Heavenly as it is, however, it doesn’t catch the breath quite so much as your first sight of nearby Slapton Sands. A soft arc of pebbles stretching for some two miles, it’s a genuinely beautiful spectacle and well suited to paddling, body-boarding and stone-skimming. The little village of
Torcross caters to holidaymakers at the southern end of the beach.
The beach has a sobering past, having been used to disastrous effect as a practice zone for the D-Day landings. Hundreds of American servicemen perished here, and a Sherman tank still stands close to the beach. It’s a reminder that the area is no
stranger to historical drama – but with the coastline furling off towards rugged Start
Point and its icing-white lighthouse, the same can be said of its scenic drama, too.
Moving a short distance west, the market town of Kingsbridge sits at the head of its namesake estuary. Its smart, oblong quay is a tree-lined vision of swaying masts and calm waters, with a miniature railway running its length and a top-notch farmers’ market two Saturdays a month. Local produce lives up to the hype: think ales, cheeses, fruit and clotted cream.
The old-fashioned allure continues in nearby Salcombe, reachable by ferry (or road) from Kingsbridge. Slung sweetly across a bend in the estuary, Salcombe has a thick maritime heritage and makes an excellent option for boat-hire – messing about on the water in the sunshine doesn’t come much more pleasurable. On the edge of town, meanwhile, North Sands and
South Sands are both first-rate family beaches, primed for long, lazy days.
ESTUARIES AND ISLANDS
Continuing westwards, this stretch of shoreline offers some of the best coastal walking in the region (although frankly it’s all special – this is an Area of Outstanding Natural Beauty for good reason). Take in the jagged heights of Sharp Tor and the hidden folds of Hope Cove, before striding on over sea-facing hills to Bantham. Alternatively, hop in the car and make the same journey via the wriggling, hedge-hugged lanes that the West Country makes its own. Meeting a tractor can get interesting.
The whole coastline is interspersed with winding, mellow estuaries, but Bantham sits on one of the best. The Avon Valley is a real heart-tugger. The river itself (not to be confused with other Avons) rises in Dartmoor, and by the time it reaches Aveton Gifford, five miles inland, it’s already become a wide, tranquil watercourse ideal for bird-spotting and summer walks on the banks – although watch the tides. By Bantham it’s mightier, meeting the sea in a bay now widely renowned for its surfing.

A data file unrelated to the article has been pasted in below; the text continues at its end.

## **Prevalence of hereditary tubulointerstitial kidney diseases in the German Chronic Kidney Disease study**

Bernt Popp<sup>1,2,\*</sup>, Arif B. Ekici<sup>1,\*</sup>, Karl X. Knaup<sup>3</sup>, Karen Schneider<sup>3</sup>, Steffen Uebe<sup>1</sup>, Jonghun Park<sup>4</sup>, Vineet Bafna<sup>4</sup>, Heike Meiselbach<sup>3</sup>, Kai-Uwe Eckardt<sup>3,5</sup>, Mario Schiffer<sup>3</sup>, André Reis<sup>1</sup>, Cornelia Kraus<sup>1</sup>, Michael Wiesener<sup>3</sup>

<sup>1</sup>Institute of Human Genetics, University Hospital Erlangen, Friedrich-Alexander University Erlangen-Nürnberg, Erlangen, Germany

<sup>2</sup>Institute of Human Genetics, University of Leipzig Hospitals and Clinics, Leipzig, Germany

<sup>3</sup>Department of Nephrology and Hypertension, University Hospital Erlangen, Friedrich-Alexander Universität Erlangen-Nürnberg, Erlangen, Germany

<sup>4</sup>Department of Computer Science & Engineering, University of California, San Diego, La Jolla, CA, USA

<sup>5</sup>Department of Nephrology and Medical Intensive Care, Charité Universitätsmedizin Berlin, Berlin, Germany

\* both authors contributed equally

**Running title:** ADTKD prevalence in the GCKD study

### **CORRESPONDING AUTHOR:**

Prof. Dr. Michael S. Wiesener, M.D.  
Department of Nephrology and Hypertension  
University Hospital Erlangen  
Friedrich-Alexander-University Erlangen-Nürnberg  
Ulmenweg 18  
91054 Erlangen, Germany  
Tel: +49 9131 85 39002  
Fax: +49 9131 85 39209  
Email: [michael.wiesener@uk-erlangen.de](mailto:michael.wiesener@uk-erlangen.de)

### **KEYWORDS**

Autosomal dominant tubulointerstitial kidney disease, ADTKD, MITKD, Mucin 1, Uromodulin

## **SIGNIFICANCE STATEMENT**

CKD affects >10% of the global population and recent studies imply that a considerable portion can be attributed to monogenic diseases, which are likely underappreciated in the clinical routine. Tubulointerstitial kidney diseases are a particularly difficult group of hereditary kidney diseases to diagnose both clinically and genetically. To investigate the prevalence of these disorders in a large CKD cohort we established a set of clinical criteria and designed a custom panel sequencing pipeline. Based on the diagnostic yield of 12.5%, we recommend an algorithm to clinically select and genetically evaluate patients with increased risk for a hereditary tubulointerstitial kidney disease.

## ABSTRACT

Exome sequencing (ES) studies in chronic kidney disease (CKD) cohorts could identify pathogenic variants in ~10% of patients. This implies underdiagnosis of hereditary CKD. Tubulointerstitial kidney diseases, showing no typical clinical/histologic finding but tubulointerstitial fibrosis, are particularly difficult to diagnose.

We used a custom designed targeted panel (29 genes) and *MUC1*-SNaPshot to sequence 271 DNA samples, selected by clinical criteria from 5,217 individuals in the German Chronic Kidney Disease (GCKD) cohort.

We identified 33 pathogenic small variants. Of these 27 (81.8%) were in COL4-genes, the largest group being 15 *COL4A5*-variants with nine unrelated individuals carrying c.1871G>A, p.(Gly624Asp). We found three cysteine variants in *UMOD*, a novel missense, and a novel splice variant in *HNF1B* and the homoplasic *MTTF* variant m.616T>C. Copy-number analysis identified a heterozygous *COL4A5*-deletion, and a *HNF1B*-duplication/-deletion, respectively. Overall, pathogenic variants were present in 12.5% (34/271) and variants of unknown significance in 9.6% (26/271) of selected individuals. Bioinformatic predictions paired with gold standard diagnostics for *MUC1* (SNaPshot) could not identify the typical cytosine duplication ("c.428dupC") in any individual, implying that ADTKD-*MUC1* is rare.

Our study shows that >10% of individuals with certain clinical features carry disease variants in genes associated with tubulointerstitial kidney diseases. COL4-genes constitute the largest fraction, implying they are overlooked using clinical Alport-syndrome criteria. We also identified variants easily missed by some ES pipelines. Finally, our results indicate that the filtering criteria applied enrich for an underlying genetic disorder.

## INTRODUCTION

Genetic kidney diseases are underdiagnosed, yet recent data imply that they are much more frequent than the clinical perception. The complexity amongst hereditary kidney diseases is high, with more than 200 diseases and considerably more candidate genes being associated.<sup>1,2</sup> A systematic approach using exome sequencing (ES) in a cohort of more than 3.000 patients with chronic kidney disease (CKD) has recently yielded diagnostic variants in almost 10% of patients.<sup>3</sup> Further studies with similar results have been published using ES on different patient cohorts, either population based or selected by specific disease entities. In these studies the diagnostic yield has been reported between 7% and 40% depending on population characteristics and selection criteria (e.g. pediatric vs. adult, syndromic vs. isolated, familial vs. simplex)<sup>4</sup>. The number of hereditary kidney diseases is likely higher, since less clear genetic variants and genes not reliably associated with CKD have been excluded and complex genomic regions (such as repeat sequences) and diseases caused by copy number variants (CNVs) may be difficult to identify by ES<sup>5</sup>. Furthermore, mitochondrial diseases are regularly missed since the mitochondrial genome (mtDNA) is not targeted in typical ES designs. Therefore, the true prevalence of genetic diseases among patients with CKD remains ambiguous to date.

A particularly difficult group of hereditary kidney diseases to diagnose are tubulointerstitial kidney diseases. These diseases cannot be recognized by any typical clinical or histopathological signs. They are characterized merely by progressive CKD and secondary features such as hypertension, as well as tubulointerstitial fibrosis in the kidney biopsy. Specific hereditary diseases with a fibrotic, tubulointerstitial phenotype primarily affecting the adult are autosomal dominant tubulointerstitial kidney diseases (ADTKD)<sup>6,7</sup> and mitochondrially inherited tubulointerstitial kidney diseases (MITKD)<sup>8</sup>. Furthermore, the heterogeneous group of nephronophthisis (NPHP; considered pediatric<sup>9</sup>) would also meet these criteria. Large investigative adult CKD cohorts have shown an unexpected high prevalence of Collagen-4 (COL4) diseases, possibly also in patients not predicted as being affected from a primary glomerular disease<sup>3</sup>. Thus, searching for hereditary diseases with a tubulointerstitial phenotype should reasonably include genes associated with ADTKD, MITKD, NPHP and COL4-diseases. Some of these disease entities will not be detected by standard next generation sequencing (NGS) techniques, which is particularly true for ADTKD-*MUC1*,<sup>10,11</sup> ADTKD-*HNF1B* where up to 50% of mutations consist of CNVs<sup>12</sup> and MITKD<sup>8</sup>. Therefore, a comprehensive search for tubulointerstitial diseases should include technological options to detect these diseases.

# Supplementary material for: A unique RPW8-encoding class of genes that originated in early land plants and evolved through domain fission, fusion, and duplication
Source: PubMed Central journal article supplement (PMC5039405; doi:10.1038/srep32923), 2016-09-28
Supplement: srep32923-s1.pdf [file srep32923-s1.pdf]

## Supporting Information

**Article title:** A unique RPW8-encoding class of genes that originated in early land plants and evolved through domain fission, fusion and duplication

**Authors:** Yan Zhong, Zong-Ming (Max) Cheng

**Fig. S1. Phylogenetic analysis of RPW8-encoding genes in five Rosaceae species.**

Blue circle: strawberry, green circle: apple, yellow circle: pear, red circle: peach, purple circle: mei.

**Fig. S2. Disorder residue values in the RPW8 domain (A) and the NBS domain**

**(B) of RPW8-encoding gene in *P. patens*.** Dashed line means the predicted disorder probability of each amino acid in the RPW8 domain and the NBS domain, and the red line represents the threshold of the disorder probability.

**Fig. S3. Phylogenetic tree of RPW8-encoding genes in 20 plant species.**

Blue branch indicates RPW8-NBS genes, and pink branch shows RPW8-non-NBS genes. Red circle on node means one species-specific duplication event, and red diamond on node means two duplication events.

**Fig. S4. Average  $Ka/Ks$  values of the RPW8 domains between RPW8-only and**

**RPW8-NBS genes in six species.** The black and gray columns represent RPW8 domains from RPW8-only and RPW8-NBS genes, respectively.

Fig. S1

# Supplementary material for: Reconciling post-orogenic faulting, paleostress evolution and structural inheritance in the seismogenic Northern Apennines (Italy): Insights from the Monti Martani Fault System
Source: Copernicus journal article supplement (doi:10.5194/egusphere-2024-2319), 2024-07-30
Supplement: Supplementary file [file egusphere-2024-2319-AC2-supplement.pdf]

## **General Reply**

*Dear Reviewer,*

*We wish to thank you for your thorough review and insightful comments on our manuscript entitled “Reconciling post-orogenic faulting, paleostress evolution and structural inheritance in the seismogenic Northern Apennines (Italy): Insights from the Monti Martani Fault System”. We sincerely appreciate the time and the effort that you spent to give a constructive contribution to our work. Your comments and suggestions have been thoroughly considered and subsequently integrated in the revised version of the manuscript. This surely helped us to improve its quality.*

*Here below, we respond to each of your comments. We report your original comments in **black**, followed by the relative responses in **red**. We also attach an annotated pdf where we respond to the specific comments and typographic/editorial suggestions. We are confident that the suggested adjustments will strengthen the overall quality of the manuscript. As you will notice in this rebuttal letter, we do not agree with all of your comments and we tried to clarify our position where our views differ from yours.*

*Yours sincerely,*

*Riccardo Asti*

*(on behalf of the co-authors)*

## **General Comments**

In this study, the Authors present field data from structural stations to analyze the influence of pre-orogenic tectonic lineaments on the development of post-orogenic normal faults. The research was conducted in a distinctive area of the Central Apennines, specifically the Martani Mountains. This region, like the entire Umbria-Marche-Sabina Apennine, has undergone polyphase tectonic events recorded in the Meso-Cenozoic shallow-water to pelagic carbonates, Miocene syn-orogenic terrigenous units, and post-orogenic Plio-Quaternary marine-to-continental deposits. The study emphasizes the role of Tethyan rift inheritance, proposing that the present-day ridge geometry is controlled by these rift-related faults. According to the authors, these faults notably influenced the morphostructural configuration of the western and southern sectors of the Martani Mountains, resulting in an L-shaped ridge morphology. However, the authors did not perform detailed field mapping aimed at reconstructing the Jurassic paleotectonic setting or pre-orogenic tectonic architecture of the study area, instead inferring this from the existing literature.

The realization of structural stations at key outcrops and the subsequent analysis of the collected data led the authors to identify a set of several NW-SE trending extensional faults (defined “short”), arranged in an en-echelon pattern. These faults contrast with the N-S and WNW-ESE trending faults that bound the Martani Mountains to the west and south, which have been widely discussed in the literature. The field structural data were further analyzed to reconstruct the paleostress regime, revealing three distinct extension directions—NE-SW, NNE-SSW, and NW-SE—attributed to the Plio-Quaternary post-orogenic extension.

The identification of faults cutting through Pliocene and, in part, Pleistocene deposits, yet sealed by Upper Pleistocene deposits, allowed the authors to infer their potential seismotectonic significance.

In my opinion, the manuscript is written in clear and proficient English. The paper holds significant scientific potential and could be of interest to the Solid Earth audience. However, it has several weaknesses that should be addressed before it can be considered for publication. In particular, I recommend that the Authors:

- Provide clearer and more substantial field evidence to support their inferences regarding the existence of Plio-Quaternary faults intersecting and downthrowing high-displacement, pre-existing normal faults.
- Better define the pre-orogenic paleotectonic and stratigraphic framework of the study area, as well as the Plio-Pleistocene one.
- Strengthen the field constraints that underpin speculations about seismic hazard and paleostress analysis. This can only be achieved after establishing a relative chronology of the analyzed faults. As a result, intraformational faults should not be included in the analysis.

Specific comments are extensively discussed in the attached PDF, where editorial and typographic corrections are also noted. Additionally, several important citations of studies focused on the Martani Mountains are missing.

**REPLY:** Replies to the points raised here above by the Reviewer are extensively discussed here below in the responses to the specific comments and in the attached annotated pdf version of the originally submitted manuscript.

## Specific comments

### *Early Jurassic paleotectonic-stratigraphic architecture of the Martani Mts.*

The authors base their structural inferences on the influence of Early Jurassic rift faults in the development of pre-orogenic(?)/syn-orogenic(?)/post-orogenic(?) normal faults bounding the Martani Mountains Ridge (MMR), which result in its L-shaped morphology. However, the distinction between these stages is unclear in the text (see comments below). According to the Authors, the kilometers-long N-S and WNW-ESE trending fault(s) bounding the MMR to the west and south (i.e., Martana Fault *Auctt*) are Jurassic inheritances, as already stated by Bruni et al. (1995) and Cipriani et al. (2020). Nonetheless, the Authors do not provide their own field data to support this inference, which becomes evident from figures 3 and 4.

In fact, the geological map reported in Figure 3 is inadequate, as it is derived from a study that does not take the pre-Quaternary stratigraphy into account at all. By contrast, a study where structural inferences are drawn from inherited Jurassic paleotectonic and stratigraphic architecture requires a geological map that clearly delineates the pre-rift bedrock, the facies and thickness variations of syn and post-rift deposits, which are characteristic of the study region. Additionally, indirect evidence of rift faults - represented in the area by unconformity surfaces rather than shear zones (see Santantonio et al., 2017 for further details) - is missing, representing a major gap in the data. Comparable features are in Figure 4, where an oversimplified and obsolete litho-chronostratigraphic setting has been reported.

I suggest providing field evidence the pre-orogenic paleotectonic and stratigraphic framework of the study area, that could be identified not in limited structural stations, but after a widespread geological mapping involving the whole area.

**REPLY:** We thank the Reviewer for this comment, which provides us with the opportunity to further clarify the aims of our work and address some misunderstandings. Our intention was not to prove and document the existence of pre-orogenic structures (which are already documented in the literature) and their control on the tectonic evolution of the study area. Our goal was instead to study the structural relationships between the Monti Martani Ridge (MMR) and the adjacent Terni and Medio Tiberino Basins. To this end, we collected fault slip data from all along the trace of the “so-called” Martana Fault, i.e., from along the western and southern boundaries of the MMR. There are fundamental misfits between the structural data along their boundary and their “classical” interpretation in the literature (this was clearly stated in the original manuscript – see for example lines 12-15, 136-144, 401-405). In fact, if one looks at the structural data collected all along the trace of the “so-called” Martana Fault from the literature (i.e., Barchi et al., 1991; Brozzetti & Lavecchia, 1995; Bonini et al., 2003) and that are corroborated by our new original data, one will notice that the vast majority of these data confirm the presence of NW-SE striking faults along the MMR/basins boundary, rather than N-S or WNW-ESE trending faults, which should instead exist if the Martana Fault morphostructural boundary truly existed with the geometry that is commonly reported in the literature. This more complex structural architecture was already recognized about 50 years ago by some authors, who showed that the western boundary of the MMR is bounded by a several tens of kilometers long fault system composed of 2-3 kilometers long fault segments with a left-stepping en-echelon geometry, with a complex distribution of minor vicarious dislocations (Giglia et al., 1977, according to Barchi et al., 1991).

On the other side of the estuary, Burgh Island is one of the icons of the South Hams coast. From Bigbury-on-Sea, catch the sea tractor or cross by foot at low tide. Make the climb up to the windswept island summit, from where – looking seawards and with mainland cliffs rampaging off to the horizon on either side – you can feel as though you’re standing on the edge of eternity, then descend to the almost 700-year-old
Pilchard Inn for the earthlier business of a pint and a crab baguette.
I couldn’t possibly tell you my own favourite spot in the region, as the secret would be out – but it’s not far away and it rhymes with Mothecombe Beach. Go at low tide for a walk round to the Erme Estuary. Looking west from Burgh Island, meanwhile,
Stoke Point sits some six miles away, and is every bit as inviting close up as from a distance. It’s also just minutes from the perennially lovely village of Noss Mayo, which sits on sparkling Newton Creek – go crabbing, stroll out to the cliffs or just sit on the quay and watch the boats drift by. Because if you can’t bide your time in the South Hams, where can you? CF
“YOU CAN FEEL AS THOUGH YOU’RE STANDING ON THE EDGE OF ETERNITY”
Sitting at the mouth of the protective Kingsbridge Estuary, Salcombe is a charming haven for sailors and landlubbers alike and home to yachting regattas in the summer
TOP Brixham is a thriving fishing port at the south end of Tor Bay. Home to pirate festivals and fresh fish markets, it is famed for its delightful harbour-front cottages ABOVE A replica of Sir Francis Drake’s Golden Hind at Brixham RIGHT The vintage railway posters of the early 20th century still reflect South Devon today
TOP The River Dart rises in Dartmoor and winds beautifully through the town of Totnes on its way to the sea at Dartmouth ABOVE LEFT Ribbon-like Torcross on Slapton Sands where a military disaster in 1944 saw the deaths of over 700 American servicemen. Behind is the freshwater lake called Slapton Ley ABOVE RIGHT The East Gate in thriving Totnes – an inland town of independent shops, artists and local food
TOP Start Point lighthouse. ‘Start’ comes from the Anglo-Saxon ‘steort’ meaning a ‘tail’ and refers to the headland here BELOW LEFT Bantham’s pink boathouse BELOW RIGHT Catch the sea tractor to Burgh Island